Preliminary results from RADICALS-RT, the largest and latest trial examining the timing of postoperative radiation therapy (RT) in men with prostate cancer, support the use of early salvage RT rather than adjuvant RT. But investigators not involved with the study caution that these results are not definitive and adjuvant RT should not be abandoned.

For the study, Christopher C. Parker, MD, of the Royal Marsden NHS Foundation Trust, Sutton, United Kingdom, and colleagues randomly assigned 1396 patients with adverse pathology (pT3-4, Gleason score 7-10, positive margins, or preoperative PSA of 10 ng/mL or more) to receive adjuvant RT or salvage RT. Of the 697 patients in the adjuvant RT group, 649 (93%) received RT within 6 months of randomization and 228 (33%) of the 699 patients in the salvage RT group underwent RT for biochemical recurrence within 8 years.

Biochemical progression-free survival rates at 5 years did not differ significantly between the adjuvant and salvage RT groups (85% vs 88%, respectively), the investigators reported in the Lancet. Additionally, the groups had similar freedom from non-protocol hormone therapy at 5 years (93% vs 92%, respectively).

With respect to adverse effects, adjuvant RT significantly increased the risk for urinary incontinence at 1 year (mean score 4.8 vs 4.0) and grade 3-4 urethral stricture within 2 years (6% vs 4%) compared with salvage RT.


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“These findings strengthen the case for a policy of observation after radical prostatectomy, with early salvage radiotherapy reserved for use only in patients with PSA biochemical progression,” Dr Parker and his collaborators wrote. “Most individuals following such a policy will avoid the need for radiotherapy.” The investigators recommended early salvage RT as standard of care.

In an accompanying editorial, Derya Tilki, MD, of Martini-Klinik Prostate Cancer Center, University Hospital Hamburg-Eppendorf, in Hamburg, Germany, and Anthony V. D’Amico, MD, PhD, of Brigham and Women’s Hospital and Dana Farber Cancer Institute in Boston, Massachusetts, disagreed with abandoning adjuvant therapy. RADICALS-RT included patients who would not have received adjuvant RT in typical clinical practice because of their low risk of recurrence, the editorialists noted, such as those with a Gleason score of 3+4, pT2 disease, low preoperative PSA, and negative surgical margins. They argued that the cohort included many patients with favorable-risk disease and could be underpowered to detect any benefit from adjuvant RT. Half of the patients had Gleason 3+4 disease, whereas just 18% had seminal vesicle invasion, 17% had a Gleason score of 8-10, and 5% had lymph node involvement. Only a subset of trial participants were at high risk for progression (eg, Gleason score 8–10 and pT3b or higher). Additionally, Drs Tilki and D’Amico pointed out that among patients at high-risk, monitoring for PSA progression in the salvage RT group occurred later than in the adjuvant RT group due to trial design, possibly missing an adjuvant RT benefit due to immortal time bias.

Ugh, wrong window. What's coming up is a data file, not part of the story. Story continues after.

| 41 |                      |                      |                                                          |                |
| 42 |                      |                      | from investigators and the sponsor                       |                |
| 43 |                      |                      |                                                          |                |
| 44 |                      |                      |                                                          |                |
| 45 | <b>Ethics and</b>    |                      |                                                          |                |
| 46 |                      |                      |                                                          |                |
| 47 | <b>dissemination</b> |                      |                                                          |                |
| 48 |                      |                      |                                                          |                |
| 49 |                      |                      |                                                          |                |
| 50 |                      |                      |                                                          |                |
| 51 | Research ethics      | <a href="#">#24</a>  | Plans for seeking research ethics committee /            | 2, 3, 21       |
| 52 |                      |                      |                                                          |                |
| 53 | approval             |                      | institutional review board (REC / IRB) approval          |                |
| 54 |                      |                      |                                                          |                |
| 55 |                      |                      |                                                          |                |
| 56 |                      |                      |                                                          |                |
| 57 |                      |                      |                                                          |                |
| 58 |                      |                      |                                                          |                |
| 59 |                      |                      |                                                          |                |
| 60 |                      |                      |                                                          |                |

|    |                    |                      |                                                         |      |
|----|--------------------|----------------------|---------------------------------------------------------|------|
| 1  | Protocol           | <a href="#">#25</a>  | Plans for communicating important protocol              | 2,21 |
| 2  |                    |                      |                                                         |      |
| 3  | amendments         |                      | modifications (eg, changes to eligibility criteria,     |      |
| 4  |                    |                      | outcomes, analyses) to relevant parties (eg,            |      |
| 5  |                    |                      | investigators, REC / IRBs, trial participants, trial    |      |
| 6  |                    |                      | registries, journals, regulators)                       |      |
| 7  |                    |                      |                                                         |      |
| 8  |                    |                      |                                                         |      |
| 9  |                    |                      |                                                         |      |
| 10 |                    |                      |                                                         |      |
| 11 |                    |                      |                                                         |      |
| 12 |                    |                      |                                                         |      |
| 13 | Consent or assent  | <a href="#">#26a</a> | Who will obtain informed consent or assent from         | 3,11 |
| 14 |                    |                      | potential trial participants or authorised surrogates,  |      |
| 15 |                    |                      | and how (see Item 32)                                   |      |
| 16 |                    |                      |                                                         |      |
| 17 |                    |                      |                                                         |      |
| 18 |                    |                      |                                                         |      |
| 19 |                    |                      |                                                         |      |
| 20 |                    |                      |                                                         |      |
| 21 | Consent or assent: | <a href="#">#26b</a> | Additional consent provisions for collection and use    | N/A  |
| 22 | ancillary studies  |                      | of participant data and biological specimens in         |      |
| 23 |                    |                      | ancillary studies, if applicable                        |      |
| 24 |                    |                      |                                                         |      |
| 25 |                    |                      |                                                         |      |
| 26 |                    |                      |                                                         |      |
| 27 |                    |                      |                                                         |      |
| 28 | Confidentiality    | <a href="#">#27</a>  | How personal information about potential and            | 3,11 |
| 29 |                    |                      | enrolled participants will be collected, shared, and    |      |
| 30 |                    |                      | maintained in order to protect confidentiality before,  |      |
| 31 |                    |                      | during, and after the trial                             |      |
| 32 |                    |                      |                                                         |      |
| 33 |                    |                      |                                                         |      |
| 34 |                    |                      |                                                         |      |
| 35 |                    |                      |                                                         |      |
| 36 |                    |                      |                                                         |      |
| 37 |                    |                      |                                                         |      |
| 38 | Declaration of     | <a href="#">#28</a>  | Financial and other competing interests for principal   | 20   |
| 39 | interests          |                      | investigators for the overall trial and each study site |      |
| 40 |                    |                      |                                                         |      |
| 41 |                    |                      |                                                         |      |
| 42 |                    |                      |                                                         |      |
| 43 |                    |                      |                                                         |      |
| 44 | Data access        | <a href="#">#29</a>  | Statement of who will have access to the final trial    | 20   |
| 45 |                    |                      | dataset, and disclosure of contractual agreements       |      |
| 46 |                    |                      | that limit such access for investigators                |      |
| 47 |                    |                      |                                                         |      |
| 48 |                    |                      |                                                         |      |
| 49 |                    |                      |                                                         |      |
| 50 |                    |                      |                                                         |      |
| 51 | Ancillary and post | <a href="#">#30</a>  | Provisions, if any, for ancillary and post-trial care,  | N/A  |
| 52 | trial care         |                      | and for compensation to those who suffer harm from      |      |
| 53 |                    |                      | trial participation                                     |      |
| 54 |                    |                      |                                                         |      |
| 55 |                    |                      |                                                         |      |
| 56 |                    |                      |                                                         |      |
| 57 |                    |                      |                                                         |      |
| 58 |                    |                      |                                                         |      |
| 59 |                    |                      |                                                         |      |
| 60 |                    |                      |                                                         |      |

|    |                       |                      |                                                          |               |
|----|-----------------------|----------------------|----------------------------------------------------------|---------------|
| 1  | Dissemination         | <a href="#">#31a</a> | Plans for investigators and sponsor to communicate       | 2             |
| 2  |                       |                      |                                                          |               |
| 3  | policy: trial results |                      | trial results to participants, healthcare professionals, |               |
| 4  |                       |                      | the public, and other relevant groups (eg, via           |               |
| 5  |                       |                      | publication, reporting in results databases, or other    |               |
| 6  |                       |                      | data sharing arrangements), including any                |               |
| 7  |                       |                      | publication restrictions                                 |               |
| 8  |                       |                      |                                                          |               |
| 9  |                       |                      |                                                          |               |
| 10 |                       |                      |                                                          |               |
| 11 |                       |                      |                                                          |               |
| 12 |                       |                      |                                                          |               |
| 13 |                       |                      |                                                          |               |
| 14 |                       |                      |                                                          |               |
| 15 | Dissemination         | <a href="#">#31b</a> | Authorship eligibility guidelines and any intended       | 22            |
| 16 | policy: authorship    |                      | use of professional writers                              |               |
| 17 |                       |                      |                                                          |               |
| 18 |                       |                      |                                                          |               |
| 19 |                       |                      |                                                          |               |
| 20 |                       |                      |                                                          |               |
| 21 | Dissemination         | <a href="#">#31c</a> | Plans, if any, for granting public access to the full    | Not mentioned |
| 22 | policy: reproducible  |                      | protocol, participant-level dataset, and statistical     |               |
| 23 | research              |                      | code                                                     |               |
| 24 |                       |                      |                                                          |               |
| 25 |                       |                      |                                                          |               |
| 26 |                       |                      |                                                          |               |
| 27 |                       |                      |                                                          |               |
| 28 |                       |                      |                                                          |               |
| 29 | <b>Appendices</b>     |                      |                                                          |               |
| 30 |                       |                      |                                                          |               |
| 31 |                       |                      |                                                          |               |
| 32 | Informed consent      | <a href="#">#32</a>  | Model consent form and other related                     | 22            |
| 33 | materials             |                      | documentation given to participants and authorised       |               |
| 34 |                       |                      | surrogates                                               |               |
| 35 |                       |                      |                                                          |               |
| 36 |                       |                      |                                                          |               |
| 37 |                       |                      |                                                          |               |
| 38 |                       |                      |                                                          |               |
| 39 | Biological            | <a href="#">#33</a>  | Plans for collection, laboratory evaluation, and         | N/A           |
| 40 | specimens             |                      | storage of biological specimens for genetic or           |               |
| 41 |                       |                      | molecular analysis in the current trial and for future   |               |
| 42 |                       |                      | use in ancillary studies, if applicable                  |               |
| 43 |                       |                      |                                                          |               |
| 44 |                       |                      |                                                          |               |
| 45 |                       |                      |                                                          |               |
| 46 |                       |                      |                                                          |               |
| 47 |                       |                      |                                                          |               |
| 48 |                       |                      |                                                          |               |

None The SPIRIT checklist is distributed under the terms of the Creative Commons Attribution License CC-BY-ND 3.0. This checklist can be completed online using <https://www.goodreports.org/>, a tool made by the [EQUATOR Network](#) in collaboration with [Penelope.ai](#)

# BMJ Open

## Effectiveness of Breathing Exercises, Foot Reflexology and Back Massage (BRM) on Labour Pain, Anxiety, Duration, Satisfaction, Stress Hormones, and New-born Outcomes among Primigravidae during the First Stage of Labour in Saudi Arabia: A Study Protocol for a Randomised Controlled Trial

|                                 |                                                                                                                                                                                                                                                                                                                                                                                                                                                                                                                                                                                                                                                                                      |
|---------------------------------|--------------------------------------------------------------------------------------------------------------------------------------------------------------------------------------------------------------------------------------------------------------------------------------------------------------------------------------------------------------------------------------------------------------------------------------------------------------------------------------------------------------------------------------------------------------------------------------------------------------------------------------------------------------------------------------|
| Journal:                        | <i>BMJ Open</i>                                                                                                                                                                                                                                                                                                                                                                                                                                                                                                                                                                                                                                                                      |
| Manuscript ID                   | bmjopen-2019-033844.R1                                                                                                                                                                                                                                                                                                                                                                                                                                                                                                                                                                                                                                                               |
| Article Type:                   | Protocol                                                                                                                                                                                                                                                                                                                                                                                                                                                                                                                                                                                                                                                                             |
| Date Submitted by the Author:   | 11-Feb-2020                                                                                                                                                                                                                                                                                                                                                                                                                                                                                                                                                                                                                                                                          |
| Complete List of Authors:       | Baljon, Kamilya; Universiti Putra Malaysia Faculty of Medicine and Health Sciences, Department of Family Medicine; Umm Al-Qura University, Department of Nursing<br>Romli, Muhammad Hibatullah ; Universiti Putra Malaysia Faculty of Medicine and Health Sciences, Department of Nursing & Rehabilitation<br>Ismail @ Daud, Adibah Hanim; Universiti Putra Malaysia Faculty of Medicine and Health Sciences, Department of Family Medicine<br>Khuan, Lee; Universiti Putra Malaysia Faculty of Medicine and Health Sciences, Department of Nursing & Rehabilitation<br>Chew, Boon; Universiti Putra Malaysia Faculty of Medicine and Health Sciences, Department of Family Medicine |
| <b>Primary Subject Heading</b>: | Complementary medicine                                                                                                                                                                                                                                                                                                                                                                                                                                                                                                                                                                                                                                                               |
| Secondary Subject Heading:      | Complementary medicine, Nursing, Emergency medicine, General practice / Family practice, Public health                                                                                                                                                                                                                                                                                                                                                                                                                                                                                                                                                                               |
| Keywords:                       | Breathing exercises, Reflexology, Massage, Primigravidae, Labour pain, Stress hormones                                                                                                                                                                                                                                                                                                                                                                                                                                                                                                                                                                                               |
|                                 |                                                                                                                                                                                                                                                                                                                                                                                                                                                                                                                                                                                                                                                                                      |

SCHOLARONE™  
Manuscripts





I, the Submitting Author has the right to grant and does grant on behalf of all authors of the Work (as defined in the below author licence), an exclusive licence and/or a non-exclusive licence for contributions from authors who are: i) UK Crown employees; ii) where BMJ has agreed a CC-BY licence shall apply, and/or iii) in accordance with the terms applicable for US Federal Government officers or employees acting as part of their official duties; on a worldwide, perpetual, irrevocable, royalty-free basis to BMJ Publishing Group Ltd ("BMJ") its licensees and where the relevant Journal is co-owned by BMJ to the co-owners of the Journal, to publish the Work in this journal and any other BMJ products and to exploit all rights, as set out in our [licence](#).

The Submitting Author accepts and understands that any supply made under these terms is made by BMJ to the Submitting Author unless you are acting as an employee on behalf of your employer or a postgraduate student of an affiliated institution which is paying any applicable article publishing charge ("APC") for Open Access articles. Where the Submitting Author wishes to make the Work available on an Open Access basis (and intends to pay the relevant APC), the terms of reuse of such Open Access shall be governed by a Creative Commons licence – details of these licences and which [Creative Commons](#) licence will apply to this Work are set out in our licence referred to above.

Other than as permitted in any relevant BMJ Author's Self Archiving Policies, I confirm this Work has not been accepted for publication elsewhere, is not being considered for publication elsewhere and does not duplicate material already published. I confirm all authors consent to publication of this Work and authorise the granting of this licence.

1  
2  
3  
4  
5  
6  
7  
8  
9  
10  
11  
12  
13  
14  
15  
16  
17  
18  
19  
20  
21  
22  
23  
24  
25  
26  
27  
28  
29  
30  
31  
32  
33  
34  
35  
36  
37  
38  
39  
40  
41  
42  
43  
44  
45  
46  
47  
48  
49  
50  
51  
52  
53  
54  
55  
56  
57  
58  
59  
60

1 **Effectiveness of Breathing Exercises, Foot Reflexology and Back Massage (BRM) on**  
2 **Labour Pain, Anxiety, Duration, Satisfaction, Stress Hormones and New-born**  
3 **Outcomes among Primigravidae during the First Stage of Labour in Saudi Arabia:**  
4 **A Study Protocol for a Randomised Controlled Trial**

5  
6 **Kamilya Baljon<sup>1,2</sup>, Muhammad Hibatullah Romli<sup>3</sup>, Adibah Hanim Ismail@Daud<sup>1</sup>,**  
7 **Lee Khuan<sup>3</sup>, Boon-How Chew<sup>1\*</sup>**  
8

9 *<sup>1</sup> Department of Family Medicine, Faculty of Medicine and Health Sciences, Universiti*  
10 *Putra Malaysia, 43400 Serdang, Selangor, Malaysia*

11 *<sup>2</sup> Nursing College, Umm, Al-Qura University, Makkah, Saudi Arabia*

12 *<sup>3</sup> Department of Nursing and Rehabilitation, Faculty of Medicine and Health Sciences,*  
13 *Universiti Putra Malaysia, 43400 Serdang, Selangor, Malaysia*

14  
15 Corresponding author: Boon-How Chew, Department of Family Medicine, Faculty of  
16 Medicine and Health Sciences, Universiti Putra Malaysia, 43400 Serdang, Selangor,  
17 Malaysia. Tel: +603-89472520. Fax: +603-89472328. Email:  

“Pending longer follow-up of the RADICALS-RT study to evaluate the metastasis-free survival endpoint in high-risk subgroups, we believe it is prudent to consider adjuvant radiotherapy in these patients,” Drs Tilki and D’Amico wrote.

Disclosure: Several study authors declared affiliations with the pharmaceutical industry. Please see the original reference for a full list of authors’ disclosures.

References

Parker CC, Clarke NW, Cook AD, et al. Timing of radiotherapy after radical prostatectomy (RADICALS-RT): a randomised, controlled phase 3 trial. Lancet. doi:10.1016/S0140-6736(20)31553-1

Tilki D, D’Amico AV. Timing of radiotherapy after radical prostatectomy. Lancet. doi:10.1016/S0140-6736(20)31957-7